MbS retained his half-brother Prince Abdulaziz bin Salman as oil minister, given his years of experience and connections. As Mecca governor, he appointed an uncle loyal to his father, Prince Khalid bin Faisal bin Abdulaziz. According to insiders, Prince Khalid reportedly took on the role King Salman long exercised as the strong-armed family fixer, using his influence to encourage royal family unity and discourage opposition.
MbS has also secured loyalty from Prince Bandar bin Sultan and Prince Turki bin Faisal by installing their children in prominent positions. These princes’ lines are little threat today to compete for the throne but they wield considerable influence. They make for good champions and spokespersons on MbS’s behalf should internal challenges arise, each having served as ambassadors to both the U.S. and the U.K. and as intelligence chief. Prince Bandar’s daughter, Princess Reema bint Bandar, is the Saudi ambassador to the U.S. and his son, Prince Khalid bin Bandar, the ambassador to the U.K. Prince Turki’s son, Prince Abdulaziz bin Turki, is the minister of sports. Not having been fans of MbN, but faithful to former King Abdullah, if not always pleased by his decisions, their loyalties have been facilitated through plum positions for their children. But as such, and given the questionable reliability of lavish princely stipends under MbS and how quickly the political winds might change, their support is not necessarily written in stone.
Technocrat Yasir al-Rumayyan, a former investment banker and long-time MbS adviser, is central to achieving the crown prince’s economic goals. Rumayyan is the manager of the kingdom’s Public Investment Fund (its sovereign wealth fund) and the chairman of Saudi Aramco, holding the keys to the kingdom’s vast wealth. Rumayyan reportedly met several times with Kushner during Trump’s time in office and after, the latter when discussing investment pitches from both the former president’s son-in-law and former Treasury Secretary Steven Mnuchin. Saudi Arabia ultimately awarded $2 billion to Kushner’s firm, Affinity Partners, and $1 billion to the former Treasury secretary’s, Liberty Strategic Capital. Rumayyan reportedly expressed doubts over Kushner’s investment capabilities, but the decision was ultimately MbS’s to make.
MbS depends on a circle of loyalists from outside of the House of Saud to direct his most sensitive security and intelligence efforts. He sidelined, but did not fire, a number of the professionals who served under King Abdullah and former Crown Prince MbN, who had long worked under his father at the Ministry of Interior before succeeding him as minister. After securing their loyalty oaths, MbS retained the chiefs of the General Intelligence Presidency (external intelligence), Khalid bin Ali al-Humaidan, and the General Investigation Directorate, or Mabahith (internal intelligence and security), Abdulaziz bin Mohammed al-Huwairini.
The two intelligence chiefs were good at their jobs and enjoyed strong relationships with Western intelligence services built on years of cooperation and constructive interaction. But they both had long and loyally served MbN and his father, Prince Nayef bin Abdulaziz. The Mabahith director was reportedly detained but later released, according to insiders, and promoted to a higher rank, albeit with fewer day-to-day responsibilities. But hedging his bets, MbS appointed Maj. Gen. Ahmad Asiri as the intelligence service’s deputy, no doubt to keep an eye on Humaidan.
A former Saudi Air Defense officer, royal court adviser, and one-time Saudi spokesperson for the war in Yemen who reportedly became close to MbS when the crown prince took on the defense portfolio, Asiri was identified as among the ringleaders in Mr. Khashoggi’s murder. Although reportedly fired as his penance, he was found not guilty of the charge by a questionable Saudi court and has purportedly been seen living well and traveling since.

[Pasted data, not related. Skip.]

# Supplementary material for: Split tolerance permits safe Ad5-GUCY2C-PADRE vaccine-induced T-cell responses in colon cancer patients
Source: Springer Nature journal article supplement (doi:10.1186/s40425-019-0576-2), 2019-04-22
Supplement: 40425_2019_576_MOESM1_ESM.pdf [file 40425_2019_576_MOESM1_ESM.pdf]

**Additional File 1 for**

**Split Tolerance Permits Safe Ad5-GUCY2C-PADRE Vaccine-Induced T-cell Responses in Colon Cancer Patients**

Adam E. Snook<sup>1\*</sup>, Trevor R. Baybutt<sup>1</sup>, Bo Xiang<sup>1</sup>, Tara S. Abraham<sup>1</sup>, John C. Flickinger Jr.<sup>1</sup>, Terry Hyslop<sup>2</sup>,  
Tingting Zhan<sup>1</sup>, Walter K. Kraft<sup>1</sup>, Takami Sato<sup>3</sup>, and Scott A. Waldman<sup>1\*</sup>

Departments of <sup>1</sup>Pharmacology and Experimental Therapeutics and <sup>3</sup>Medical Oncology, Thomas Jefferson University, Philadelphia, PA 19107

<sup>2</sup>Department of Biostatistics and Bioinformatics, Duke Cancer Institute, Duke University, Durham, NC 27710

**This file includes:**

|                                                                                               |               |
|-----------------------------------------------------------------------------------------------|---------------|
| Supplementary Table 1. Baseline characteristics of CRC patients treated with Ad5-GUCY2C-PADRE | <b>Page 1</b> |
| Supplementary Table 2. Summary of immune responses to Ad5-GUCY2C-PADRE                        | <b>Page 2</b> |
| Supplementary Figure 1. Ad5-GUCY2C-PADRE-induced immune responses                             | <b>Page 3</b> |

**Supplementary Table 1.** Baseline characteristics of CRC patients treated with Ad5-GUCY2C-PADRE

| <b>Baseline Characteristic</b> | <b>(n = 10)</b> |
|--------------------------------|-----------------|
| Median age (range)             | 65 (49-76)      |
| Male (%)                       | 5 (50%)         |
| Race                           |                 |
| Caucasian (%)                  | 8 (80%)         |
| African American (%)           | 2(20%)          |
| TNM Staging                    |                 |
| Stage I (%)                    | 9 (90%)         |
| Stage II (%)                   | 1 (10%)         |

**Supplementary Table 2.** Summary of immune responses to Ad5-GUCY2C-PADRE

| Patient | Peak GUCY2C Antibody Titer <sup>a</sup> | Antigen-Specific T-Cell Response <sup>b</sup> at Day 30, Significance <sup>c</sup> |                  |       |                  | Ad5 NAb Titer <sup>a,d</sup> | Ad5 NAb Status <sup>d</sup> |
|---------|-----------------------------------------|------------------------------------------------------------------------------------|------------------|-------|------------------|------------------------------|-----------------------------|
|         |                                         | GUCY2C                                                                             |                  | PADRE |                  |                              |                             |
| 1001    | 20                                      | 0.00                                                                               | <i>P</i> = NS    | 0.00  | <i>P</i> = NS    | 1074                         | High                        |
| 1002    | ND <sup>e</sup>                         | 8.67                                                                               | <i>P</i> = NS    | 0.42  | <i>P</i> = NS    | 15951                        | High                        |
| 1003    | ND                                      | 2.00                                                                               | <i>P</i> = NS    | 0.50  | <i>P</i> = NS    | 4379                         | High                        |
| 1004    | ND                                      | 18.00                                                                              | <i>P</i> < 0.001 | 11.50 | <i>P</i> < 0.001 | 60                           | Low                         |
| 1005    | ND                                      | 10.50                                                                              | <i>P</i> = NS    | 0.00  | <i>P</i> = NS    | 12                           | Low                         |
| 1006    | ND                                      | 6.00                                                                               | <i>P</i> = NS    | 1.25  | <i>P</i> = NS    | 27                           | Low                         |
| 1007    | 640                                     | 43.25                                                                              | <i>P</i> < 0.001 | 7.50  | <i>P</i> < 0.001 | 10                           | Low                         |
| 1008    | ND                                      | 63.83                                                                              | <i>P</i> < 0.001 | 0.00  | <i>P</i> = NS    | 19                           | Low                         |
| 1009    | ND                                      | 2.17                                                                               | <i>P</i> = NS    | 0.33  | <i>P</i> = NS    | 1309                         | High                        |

Asiri is cut from the same cloth as Saud al-Qahtani, another top former, and perhaps current, aide to the crown prince, depending on who you ask. MbS pulled Qahtani, like Asiri also named in Mr. Khashoggi’s murder, into his circle from outside the palace. A royal court media adviser, Qahtani was appointed as an adviser to the office of the crown prince during King Abdullah’s rule and was inherited. But the Asiri and Qahtani tribes have historically maintained a significant presence across the Saudi security services. Having members of theses tribes on whom he could depend in his circle and willing to do his bidding would have been a clever choice.
The Saudi ruling family has long drawn strength and legitimacy from an alliance with the clergy. Sheikh Abdulaziz al-Sheikh, Saudi Arabia’s grand mufti and a direct descendent of Ibn Wahhab, has been publicly supportive of MbS despite a series of reforms that significantly undermined his influence, the religious elite’s power, and his budget. The al-Sheikh family is well integrated into the House of Saud through marriage. But even if his loyalty is secure, Sheikh Abdulaziz does not necessarily represent, or control, the most conservative elements of Saudi society, some of which do not appreciate the crown prince’s social and cultural changes.
At the end of the day, it would seem that MbS is taking what he believes to be a page from his grandfather, Saudi Arabia’s founder, King Abdulaziz, who secured the kingdom violently and did not share power. But even King Abdulaziz courted the clerics’ support and that of the more conservative tribes, only cracking down on the Wahhabis when they grew too independent and bold. MbS’s rule is founded on a similar concept of total control at the very top, in contrast to the broader consensus across the House of Saud and Saudi society with which his more recent predecessors had ruled. Going it alone certainly frees him from internal debate, but it also deprives him of input concerning not only alternative perspectives, but rumblings beneath the surface beyond the scope or control of his lieutenants.
Douglas London is the author of "The Recruiter: Spying and the Lost Art of American Intelligence." He teaches intelligence studies at Georgetown University's School of Foreign Service and is a nonresident scholar at the Middle East Institute. London served in the CIA's Clandestine Service for over 34 years, mostly in the Middle East, South and Central Asia and Africa, including three assignments as a Chief of Station. Follow him on Twitter @DouglasLondon5. The views expressed in this piece are his own.